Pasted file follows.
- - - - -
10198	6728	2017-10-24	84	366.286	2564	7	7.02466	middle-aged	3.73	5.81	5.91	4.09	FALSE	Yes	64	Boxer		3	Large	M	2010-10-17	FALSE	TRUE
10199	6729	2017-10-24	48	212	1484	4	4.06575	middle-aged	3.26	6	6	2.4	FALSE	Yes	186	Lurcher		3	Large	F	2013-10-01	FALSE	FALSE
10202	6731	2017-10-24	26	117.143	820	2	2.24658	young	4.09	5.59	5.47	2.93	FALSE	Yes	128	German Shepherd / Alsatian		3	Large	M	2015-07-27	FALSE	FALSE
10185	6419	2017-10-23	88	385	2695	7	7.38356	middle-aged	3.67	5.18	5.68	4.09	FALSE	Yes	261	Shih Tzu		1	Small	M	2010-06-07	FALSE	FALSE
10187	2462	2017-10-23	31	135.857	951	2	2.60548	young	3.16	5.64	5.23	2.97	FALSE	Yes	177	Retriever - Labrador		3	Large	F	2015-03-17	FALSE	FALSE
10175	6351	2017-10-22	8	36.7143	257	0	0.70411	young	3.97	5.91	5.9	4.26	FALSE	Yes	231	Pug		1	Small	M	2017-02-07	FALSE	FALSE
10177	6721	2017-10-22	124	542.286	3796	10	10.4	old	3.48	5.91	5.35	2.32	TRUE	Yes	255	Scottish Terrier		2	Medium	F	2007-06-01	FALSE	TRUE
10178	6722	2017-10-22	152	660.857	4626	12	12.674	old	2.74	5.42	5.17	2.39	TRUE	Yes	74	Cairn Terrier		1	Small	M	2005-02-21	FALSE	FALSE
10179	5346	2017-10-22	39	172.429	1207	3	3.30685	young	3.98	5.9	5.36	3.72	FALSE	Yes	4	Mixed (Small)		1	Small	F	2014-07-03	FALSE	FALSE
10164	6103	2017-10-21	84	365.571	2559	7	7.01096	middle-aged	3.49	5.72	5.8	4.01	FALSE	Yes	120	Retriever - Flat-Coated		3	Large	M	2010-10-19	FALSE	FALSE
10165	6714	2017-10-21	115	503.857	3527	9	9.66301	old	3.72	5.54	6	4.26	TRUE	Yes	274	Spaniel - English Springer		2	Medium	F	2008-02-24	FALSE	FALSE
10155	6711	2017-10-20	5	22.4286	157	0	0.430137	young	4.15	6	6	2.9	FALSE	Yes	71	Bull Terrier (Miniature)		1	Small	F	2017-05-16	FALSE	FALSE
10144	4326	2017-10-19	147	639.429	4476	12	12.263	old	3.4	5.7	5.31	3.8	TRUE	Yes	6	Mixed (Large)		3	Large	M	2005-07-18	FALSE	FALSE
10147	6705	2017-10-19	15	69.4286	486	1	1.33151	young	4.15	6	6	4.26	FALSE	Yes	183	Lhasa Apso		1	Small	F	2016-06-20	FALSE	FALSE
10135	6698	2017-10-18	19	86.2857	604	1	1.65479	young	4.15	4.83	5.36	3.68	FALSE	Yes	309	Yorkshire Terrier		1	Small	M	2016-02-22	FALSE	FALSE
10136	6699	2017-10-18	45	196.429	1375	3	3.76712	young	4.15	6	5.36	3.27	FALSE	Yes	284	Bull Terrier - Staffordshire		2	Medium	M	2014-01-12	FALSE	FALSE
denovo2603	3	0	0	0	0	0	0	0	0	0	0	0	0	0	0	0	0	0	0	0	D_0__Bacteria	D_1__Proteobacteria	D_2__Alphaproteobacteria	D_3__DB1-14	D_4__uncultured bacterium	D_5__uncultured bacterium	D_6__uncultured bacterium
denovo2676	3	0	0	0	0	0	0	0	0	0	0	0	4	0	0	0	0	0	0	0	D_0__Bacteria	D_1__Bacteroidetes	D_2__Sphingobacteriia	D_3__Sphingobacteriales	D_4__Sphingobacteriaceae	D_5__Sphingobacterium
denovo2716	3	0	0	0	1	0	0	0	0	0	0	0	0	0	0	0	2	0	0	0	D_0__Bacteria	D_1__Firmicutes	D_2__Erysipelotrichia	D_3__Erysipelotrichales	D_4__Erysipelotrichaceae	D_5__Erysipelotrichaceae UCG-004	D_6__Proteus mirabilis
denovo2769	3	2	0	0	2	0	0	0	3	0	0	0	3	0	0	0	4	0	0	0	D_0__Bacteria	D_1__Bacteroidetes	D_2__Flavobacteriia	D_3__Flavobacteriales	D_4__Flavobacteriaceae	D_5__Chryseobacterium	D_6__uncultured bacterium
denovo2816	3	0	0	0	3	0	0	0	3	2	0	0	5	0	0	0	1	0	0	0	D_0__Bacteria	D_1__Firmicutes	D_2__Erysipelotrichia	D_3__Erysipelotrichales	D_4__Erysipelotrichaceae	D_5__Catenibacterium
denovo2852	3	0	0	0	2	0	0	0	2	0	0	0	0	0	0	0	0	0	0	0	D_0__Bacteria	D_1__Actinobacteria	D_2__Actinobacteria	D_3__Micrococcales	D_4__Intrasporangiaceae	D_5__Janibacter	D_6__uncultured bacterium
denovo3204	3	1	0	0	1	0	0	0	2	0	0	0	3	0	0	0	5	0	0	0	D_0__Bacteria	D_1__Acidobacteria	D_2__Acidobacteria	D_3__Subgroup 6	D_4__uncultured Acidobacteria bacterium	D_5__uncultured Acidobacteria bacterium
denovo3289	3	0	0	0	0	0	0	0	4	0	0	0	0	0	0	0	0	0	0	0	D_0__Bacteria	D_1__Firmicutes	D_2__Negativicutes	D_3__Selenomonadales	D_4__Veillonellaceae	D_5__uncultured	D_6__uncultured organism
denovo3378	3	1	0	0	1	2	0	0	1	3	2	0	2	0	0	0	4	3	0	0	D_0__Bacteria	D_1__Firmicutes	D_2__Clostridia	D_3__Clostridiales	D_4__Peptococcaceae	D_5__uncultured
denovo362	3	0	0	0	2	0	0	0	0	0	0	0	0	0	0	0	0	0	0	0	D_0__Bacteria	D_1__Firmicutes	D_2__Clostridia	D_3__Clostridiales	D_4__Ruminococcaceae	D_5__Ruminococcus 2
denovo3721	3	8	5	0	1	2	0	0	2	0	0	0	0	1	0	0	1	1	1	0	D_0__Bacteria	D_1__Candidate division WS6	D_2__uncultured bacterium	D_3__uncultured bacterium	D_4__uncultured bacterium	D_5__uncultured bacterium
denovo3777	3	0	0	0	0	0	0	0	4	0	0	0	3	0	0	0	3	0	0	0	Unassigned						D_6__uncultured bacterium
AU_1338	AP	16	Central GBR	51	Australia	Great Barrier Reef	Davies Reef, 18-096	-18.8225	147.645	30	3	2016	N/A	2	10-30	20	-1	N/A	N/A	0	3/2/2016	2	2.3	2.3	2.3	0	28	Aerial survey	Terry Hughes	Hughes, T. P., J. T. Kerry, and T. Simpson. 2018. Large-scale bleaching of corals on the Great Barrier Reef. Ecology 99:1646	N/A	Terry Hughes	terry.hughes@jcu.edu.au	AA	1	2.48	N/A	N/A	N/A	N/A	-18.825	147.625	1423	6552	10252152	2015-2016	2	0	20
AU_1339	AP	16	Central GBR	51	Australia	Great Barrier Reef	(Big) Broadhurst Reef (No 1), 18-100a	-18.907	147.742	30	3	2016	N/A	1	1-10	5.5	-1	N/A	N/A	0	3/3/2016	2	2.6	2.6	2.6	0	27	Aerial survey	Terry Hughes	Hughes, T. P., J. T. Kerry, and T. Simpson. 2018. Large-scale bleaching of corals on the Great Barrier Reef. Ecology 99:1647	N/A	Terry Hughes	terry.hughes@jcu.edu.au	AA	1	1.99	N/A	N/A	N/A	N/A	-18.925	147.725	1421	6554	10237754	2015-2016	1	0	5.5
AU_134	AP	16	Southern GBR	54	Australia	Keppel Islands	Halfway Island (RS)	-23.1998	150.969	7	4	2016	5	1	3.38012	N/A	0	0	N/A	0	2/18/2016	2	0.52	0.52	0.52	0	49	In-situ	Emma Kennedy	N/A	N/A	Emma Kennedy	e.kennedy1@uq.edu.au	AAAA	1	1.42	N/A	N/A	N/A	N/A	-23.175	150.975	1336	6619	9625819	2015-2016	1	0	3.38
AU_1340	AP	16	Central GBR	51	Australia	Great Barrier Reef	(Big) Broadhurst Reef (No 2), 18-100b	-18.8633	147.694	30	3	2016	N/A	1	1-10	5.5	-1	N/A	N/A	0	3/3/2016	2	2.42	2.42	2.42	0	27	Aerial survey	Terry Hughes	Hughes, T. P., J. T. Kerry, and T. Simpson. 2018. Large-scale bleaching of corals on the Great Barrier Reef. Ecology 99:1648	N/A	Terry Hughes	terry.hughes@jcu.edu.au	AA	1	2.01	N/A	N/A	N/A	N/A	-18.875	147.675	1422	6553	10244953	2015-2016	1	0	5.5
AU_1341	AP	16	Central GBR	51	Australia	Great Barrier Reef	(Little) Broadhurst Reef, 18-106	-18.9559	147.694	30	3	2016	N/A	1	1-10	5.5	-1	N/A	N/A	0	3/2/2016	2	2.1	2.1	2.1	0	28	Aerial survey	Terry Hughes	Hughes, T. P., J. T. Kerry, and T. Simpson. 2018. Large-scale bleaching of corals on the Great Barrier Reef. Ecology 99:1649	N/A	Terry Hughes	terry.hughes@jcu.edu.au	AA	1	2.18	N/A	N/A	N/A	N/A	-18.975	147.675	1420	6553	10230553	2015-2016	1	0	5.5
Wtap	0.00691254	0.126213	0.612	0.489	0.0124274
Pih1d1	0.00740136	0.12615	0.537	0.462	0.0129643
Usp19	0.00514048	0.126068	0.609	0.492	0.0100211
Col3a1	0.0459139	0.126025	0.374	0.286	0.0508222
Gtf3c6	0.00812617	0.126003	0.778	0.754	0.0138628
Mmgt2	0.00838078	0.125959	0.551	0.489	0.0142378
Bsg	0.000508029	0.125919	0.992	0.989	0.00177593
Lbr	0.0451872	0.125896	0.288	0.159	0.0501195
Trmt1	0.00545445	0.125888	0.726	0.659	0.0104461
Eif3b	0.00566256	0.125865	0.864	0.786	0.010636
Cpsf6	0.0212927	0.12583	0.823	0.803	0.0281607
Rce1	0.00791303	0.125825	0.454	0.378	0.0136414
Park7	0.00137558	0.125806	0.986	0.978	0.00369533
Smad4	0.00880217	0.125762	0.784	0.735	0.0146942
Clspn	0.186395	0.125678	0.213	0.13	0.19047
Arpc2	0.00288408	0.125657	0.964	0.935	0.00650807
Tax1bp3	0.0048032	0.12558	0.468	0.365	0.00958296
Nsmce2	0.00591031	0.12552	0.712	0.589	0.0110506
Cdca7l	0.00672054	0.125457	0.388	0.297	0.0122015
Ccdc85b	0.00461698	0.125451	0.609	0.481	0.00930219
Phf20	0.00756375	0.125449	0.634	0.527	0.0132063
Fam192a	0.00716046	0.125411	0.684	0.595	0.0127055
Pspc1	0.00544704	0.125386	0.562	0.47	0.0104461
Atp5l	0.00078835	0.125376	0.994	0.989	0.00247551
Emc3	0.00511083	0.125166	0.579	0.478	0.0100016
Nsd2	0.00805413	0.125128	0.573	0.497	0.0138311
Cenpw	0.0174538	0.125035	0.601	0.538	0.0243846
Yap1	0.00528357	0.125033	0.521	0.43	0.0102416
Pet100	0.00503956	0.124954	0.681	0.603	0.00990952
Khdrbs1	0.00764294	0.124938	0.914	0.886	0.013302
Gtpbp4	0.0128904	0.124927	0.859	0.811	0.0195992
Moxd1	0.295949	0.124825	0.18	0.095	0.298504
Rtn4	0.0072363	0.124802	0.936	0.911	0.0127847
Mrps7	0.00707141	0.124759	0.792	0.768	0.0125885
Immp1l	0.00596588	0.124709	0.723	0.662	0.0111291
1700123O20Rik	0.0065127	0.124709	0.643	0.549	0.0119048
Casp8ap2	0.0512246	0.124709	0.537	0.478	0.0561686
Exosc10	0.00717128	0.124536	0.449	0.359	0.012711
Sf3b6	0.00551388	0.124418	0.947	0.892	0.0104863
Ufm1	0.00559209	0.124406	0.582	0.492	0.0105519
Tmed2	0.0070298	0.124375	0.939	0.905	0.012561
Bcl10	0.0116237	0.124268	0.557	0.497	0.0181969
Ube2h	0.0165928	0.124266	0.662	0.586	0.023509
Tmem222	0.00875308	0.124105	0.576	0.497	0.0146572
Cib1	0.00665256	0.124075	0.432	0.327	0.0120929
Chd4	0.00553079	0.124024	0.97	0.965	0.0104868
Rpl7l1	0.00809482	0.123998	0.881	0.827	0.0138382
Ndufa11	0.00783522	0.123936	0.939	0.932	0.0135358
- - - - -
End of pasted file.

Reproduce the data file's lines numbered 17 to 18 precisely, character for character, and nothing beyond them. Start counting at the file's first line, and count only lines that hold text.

denovo2603	3	0	0	0	0	0	0	0	0	0	0	0	0	0	0	0	0	0	0	0	D_0__Bacteria	D_1__Proteobacteria	D_2__Alphaproteobacteria	D_3__DB1-14	D_4__uncultured bacterium	D_5__uncultured bacterium	D_6__uncultured bacterium
denovo2676	3	0	0	0	0	0	0	0	0	0	0	0	4	0	0	0	0	0	0	0	D_0__Bacteria	D_1__Bacteroidetes	D_2__Sphingobacteriia	D_3__Sphingobacteriales	D_4__Sphingobacteriaceae	D_5__Sphingobacterium